Labrador Duck

...[It] used to breed on rocky islets, where it was safe from the depredations of foxes and other carnivorous quadripeds. This safety was, however, unavailing when man began yearly to visit its breeding-haunts, and not content in plundering its nests, mercilessly to shoot the birds.

-- William Dutcher (1894) [1]

The Labrador Duck, or Pied Duck, was a migratory sea duck that wintered off the coast of New England and New Jersey and could be found along coastal Labrador in the summertime. Rare, even in Audubon’s day, the cause of extinction is not entirely known, although widespread speculation is the overharvesting of their eggs combined with the human influence on coastal ecosystems. The last reported sighting of the Pied Duck was in 1878.



The Labrador Duck's range was limited to the American coast of the North Atlantic ocean, primarily wintering off the coasts of New Jersey and New England in the U.S. and breeding in Labrador and Northern Quebec in the summer.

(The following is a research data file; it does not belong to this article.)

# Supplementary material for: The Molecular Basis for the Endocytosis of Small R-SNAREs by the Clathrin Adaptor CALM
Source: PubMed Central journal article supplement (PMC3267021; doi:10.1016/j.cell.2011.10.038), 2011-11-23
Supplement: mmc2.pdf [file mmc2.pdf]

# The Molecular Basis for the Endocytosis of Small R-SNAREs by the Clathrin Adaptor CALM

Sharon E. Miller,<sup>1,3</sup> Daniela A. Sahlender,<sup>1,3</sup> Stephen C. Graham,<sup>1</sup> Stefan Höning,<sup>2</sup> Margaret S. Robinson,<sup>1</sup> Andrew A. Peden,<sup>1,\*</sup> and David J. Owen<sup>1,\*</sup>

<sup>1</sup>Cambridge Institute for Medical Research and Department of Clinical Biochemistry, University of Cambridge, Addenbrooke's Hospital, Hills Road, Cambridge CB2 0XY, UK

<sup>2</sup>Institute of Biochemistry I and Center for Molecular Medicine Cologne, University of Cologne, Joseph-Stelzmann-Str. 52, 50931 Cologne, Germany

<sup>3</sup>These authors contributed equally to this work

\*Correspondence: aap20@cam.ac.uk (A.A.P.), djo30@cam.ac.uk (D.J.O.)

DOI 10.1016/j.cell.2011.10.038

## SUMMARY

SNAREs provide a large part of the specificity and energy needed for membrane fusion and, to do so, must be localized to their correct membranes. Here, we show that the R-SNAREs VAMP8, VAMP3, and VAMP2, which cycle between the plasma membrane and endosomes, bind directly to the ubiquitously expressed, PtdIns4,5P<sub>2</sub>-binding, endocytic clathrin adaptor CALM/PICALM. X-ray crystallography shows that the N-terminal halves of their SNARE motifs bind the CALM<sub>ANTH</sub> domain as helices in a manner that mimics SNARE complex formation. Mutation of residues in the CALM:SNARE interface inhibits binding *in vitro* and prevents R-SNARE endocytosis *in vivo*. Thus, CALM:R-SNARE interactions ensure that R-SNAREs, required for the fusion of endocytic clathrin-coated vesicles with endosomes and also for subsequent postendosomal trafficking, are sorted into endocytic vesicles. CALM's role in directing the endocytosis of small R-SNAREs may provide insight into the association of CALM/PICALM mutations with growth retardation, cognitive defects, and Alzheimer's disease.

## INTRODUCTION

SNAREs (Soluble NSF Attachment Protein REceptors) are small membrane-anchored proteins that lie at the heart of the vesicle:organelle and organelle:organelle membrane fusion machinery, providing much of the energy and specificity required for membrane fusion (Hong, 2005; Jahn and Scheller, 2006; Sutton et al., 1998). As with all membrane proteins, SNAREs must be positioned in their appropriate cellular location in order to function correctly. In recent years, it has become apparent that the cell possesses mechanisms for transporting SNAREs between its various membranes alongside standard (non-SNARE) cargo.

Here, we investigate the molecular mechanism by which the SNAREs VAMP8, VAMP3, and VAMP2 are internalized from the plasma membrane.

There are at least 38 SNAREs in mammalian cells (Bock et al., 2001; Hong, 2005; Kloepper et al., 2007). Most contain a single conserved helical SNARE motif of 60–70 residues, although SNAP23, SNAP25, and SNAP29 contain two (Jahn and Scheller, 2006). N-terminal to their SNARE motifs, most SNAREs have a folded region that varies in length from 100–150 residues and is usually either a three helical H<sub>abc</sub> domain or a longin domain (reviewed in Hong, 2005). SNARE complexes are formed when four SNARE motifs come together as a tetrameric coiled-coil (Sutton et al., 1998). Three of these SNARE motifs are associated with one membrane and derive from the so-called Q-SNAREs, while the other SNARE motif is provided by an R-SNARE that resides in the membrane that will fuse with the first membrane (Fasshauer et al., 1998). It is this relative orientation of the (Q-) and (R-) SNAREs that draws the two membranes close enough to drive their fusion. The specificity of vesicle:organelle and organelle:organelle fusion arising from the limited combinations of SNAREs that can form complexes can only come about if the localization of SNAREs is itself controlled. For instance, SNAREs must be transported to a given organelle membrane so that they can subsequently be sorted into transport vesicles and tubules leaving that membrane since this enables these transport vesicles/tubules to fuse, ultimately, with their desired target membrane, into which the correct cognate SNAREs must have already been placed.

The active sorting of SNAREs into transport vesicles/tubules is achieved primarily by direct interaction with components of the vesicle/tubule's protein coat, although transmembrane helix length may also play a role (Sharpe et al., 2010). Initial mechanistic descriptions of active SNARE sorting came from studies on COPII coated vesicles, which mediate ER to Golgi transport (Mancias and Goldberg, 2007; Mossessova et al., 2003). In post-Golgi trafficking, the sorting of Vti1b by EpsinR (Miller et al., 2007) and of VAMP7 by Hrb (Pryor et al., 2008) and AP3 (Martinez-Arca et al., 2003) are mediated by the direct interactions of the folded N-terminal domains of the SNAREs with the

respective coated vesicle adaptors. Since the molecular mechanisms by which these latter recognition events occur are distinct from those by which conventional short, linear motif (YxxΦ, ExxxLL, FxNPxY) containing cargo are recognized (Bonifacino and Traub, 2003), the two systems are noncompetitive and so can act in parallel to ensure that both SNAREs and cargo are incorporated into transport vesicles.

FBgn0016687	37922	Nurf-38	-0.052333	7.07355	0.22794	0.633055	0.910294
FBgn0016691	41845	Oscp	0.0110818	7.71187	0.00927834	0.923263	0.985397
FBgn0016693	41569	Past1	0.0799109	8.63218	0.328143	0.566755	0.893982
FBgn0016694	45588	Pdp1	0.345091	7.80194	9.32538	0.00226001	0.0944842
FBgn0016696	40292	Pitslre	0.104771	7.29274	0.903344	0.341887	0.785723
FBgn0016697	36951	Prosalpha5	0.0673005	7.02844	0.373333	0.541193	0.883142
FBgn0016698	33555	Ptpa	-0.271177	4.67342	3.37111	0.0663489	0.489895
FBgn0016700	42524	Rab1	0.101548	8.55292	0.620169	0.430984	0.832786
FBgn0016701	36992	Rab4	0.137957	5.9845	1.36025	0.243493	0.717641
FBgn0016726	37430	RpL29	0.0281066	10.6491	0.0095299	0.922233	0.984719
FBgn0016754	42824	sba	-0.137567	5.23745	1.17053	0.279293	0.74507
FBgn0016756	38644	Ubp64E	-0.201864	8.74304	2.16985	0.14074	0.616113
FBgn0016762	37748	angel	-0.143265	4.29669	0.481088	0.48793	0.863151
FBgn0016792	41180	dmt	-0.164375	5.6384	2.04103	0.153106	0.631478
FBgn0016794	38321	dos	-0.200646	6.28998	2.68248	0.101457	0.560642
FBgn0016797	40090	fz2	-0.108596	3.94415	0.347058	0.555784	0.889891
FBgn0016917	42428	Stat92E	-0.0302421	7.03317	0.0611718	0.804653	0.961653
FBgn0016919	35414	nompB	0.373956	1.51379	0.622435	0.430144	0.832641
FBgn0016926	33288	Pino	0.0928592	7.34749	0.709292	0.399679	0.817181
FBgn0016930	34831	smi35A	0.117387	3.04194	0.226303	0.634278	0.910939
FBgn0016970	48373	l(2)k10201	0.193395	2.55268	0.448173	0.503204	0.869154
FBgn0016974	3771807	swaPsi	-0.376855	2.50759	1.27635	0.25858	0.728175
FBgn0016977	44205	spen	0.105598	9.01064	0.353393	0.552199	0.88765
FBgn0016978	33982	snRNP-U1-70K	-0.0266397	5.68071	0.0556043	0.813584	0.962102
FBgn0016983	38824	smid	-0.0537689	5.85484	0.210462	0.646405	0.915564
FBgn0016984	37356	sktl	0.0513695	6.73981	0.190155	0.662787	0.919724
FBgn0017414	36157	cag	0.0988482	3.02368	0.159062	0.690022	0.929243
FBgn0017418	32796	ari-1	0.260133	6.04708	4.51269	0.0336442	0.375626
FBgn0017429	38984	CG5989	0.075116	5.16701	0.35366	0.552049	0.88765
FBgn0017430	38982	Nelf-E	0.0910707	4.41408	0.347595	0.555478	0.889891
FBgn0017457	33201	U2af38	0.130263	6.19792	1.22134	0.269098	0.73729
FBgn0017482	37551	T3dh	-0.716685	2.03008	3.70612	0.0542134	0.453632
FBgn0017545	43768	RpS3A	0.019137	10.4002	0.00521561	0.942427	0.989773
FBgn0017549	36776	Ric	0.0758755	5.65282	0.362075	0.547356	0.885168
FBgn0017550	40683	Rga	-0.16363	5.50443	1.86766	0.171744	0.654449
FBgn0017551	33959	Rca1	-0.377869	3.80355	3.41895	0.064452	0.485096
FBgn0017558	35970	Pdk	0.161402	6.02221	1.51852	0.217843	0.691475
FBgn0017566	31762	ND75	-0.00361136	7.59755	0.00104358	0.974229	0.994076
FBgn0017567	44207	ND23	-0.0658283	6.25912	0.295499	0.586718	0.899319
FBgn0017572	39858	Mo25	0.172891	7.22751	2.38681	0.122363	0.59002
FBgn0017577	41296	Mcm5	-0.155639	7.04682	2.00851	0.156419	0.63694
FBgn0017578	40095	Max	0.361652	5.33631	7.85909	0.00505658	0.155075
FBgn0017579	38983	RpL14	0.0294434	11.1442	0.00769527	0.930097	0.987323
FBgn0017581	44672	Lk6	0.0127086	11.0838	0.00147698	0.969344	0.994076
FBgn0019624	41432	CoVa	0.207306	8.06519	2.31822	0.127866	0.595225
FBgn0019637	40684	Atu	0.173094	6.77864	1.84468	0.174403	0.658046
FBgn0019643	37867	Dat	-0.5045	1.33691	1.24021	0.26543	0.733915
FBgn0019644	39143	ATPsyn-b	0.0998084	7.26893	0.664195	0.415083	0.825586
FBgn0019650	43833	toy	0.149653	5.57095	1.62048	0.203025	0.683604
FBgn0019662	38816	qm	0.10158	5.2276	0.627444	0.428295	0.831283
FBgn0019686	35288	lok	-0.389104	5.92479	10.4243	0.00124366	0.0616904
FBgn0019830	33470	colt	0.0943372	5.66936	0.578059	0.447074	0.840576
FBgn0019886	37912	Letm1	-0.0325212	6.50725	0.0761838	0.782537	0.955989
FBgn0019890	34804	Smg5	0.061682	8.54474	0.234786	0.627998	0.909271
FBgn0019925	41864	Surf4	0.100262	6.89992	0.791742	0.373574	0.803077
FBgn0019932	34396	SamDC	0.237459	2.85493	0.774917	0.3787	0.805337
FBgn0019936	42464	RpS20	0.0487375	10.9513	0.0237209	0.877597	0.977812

The Labrador Duck preferred southern sandy coasts, sheltered bays, harbors, and inlets. It favored the Atlantic shores of the U.S. and Canada, from Labrador in the north to approximately the DelMarVa peninsula in the south.


Though always considered rare, the Labrador Duck's populations waned between 1850 and 1870. While its meat was not coveted by hunters, it is likely that its eggs were overharvested and its feathers sought too frequently. Additionally, its diet of mussles and other shellfish suffered when those populations declined as population and industry grew on the Atlantic coast.

Dutcher, William. “The Labrador Duck: Another Specimen, with Additional Data Respecting Extant Specimens.” The Auk, vol. 11, no. 1, 1894, pp. 4–12. JSTOR,

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